Table 18.1 Nomenclature of bone tumors

Restrictive Cardiomyopathy


Cardiomyopathies are a group of diseases primarily involving the myocardium and characterized by myocardial dysfunction that is not the result of hypertension, coronary atherosclerosis, valvular dysfunction, or pericardial abnormalities. Restrictive cardiomyopathies are characterized by decreased ventricular compliance, usually secondary to infiltration of the myocardium.
Relatively uncommon cardiomyopathy that is most frequently caused by amyloidosis, myocardial fibrosis (after open heart surgery), and radiation
• Edema, ascites, hepatomegaly, distended neck veins
• Fatigue, weakness (secondary to low output)
• Kussmaul’s sign: may be present
• Regurgitant murmurs
• Possible prominent apical impulse
Clinical Features
Impairment of ventricular filling gives rise to a volume and pressure overload in the atria. As a result, the atria are moderately to severely dilated. This  is why symptoms of right-sided heart failure are dominant in most restrictive cardiomyopathies (Tab. 31). Dyspnea on exertion and orthopnea may also occur, however. Chest pain or discomfort may be the initial symptom of amyloidosis. Again, the principal findings are referable to rightsided heart failure. Auscultation often reveals a third and/or fourth heart sound and regurgitant murmurs indicating mitral and tricuspid insufficiency.
• Infiltrative and storage disorders (glycogen storage disease, amyloidosis, sarcoidosis, hemochromatosis)
• Scleroderma
• Radiation
• Endocardial fibroelastosis
• Endomyocardial fibrosis
• Idiopathic
• Toxic effects of anthracycline
• Carcinoid heart disease, metastatic cancers
• Diabetic cardiomyopathy
• Eosinophilic cardiomyopathy (Löffler’s endocarditis)
• Chronic lung disease
• Psychogenic dyspnea

• Pericardial abnormalities
Symptoms and signs of restrictive cardiomyopathy
Table 31 Symptoms and signs of restrictive cardiomyopathy
Etiology and Pathogenesis
In restrictive cardiomyopathy, the disease of the myocardium or endocardium leads to the impaired filling of one or both ventricles (see Fig. 52). Most cases show no cardiac dilatation or hypertrophy. Systolic function is usually intact, at least at the start of the disease.
     Restrictive cardiomyopathy is most frequently caused by infiltrative diseases and storage diseases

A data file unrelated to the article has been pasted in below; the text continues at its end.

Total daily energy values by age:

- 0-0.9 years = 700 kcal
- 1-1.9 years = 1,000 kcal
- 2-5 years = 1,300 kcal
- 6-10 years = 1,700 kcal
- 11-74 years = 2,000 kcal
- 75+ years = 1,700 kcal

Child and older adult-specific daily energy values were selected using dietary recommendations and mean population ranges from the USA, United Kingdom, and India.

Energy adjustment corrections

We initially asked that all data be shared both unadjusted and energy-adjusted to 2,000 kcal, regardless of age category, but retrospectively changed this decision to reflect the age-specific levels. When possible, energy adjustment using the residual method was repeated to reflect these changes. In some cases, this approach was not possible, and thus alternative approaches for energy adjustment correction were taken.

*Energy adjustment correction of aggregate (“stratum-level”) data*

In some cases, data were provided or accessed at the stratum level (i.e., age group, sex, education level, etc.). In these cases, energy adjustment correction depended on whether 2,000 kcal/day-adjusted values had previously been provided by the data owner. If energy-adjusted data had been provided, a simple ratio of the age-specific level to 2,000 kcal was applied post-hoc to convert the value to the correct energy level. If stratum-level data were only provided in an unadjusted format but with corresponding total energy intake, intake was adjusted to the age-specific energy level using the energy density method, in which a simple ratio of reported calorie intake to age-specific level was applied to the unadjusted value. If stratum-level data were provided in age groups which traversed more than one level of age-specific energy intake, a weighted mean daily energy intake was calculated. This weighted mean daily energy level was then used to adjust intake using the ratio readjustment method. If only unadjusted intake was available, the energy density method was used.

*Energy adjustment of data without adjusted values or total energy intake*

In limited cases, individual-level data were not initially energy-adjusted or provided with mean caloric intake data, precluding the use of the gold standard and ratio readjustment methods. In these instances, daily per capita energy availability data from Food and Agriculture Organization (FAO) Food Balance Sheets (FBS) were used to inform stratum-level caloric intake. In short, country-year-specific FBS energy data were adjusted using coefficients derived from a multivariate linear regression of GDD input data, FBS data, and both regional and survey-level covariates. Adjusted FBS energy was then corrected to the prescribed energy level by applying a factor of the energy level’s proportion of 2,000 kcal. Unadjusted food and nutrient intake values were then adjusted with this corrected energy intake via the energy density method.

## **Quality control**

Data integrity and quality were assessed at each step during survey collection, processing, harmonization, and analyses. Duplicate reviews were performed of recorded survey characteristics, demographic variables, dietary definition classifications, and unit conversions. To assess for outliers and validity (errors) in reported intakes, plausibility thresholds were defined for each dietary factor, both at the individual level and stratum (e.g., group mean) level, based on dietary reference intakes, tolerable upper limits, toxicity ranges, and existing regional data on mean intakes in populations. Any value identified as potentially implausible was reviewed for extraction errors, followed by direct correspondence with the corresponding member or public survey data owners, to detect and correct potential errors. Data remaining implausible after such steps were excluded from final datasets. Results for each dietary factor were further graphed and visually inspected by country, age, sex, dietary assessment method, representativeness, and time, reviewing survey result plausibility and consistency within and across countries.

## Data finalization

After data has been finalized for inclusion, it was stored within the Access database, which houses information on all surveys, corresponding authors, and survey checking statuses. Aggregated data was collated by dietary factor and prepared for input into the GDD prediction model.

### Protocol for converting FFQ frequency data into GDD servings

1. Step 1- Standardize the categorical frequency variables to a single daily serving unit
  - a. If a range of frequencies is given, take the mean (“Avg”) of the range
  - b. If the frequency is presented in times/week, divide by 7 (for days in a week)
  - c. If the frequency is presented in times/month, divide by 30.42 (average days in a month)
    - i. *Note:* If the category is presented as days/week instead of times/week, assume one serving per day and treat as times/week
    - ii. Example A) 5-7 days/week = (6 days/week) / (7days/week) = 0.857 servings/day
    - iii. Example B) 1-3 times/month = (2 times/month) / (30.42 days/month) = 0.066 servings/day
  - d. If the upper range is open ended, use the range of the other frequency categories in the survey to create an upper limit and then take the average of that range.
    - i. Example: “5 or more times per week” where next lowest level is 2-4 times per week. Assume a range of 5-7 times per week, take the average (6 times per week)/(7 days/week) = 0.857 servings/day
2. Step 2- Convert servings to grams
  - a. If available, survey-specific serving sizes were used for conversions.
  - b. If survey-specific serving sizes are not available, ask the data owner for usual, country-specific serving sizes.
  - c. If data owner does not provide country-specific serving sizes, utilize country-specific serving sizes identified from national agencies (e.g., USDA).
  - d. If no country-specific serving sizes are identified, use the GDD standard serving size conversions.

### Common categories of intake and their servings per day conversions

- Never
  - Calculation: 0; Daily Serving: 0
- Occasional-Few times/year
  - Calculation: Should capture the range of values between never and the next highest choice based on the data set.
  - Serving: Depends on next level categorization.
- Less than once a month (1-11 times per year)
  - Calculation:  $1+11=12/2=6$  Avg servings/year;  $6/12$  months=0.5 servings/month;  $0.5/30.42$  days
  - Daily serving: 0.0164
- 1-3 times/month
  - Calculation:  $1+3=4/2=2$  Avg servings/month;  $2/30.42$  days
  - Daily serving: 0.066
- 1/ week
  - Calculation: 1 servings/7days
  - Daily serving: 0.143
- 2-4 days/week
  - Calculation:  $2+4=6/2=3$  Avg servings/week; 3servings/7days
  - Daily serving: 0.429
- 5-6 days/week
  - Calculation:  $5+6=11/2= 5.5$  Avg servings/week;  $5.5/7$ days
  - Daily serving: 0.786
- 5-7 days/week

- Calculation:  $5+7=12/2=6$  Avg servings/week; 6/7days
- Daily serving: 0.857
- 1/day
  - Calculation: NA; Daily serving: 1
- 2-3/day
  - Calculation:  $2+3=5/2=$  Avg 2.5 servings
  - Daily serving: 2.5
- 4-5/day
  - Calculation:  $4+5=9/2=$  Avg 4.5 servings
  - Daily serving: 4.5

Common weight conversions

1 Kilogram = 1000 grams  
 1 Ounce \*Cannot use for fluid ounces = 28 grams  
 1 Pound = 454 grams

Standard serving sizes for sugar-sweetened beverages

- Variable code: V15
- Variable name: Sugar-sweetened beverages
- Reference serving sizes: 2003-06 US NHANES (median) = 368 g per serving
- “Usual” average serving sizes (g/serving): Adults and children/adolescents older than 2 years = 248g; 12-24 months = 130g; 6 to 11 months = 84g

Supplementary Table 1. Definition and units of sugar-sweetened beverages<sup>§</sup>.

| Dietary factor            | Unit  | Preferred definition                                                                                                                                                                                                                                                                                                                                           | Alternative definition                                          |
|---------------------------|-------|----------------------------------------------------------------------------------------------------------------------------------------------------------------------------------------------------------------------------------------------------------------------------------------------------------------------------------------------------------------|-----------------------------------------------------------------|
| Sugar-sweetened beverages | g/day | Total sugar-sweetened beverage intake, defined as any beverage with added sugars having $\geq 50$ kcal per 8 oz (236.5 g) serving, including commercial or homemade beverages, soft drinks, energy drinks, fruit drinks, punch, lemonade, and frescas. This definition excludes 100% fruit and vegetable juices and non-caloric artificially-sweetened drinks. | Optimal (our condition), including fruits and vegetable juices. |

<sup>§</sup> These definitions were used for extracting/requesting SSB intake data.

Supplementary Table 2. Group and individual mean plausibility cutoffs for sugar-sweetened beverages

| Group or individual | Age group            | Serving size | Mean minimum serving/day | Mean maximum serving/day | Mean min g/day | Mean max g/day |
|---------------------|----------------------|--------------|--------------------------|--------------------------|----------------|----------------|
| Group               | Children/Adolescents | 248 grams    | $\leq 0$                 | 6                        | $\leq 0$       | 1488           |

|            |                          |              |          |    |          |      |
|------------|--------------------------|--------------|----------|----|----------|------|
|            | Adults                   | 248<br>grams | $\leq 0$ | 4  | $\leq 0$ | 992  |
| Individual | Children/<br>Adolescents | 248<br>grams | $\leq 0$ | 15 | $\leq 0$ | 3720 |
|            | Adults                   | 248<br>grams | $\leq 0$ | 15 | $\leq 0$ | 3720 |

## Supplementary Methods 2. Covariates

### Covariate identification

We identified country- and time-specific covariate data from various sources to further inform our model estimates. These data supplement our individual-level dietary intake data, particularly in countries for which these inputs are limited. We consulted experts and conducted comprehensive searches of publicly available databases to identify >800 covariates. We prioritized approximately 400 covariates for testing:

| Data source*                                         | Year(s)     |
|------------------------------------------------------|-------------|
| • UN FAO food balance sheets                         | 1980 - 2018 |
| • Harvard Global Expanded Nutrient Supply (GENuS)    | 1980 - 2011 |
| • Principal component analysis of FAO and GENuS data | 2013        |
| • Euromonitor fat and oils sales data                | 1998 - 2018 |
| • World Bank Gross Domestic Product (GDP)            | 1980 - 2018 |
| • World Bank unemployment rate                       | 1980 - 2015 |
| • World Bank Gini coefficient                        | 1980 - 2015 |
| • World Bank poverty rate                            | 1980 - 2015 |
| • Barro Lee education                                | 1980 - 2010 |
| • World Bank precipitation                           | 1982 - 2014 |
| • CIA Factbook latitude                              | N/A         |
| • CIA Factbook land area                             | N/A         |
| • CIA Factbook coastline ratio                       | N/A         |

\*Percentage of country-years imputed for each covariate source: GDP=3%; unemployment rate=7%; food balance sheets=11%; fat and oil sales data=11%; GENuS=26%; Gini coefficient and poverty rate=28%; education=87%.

(see Tab. 29). The most important causative diseases are amyloidosis, prior radiotherapy, sarcoidosis, hemochromatosis, and Fabry disease. Idiopathic restrictive cardiomyopathy is very rare. Restrictive cardiomyopathy may also result from scarring of the endomyocardium, which usually affects both ventricles. The mitral and tricuspid valves are usually involved as well. The principal diseases that cause this obliterative form of restrictive cardiomyopathy are endomyocardial fibrosis and eosinophilic parietal endocarditis (Loffler endocarditis).
Schematic representation of cardiomyopathies
Classification of cardiomyopathies by specific etiology
• Chest x-ray examination, ECG, echocardiogram
• Cardiac catheterization, MRI (selected cases)
• Chest x-ray examination:
1. Moderate cardiomegaly
2. Possible evidence of CHF (pulmonary vascular congestion, pleural effusion)
• ECG:
1. Low voltage with ST-T wave changes
2. Possible frequent arrhythmias, left axis deviation, and atrial fibrillation
• Echocardiogram: increased wall thickness and thickened cardiac valves (especially in patients with amyloidosis)
• Cardiac catheterization to distinguish restrictive cardiomyopathy from constrictive pericarditis
1. Constrictive pericarditis: usually involves both ventricles and produces a plateau of elevated filling pressures
2. Restrictive cardiomyopathy: impairs the left ventricle more than the right (PCWP > RAP, PASP >50 mm Hg)
• MRI may also be useful to distinguish restrictive cardiomyopathy from constrictive pericarditis (thickness of the pericardium >5 mm in the latter)

Control CHF by restricting salt.
• Cardiomyopathy caused by hemochromatosis may respond to repeated phlebotomies to decrease iron deposition in the heart.
• Sarcoidosis may respond to corticosteroid therapy.
• Corticosteroid and cytotoxic drugs may improve survival in patients with eosinophilic cardiomyopathy.
• There is no effective therapy for other causes of restrictive cardiomyopathy.
Death usually results from CHF or arrhythmias; therefore therapy should be aimed at controlling CHF by restricting salt, administering diuretics, and treating potentially fatal arrhythmias.
Prognosis varies with the etiology of the cardiomyopathy.
Fig. 52 Schematic representation of cardiomyopathies.
a Normal heart
b Dilated cardiomyopathy
c Hypertrophic cardiomyopathy with left ventricular hypertrophy and asymmetrical septal hypertrophy (ASH). The systolic anterior motion (SAM) of the mitral valve leaflet leads to mitral insufficiency.
d Restrictive cardiomyopathy with dilatation of the both atria.
e Obliterative form of restrictive cardiomyopathy with involvement of the tricuspid and mitral valves.
f Arrhythmogenic right ventricular cardiomyopathy (explained further in the text).
Table 29 Classification of cardiomyopathies by specific etiology
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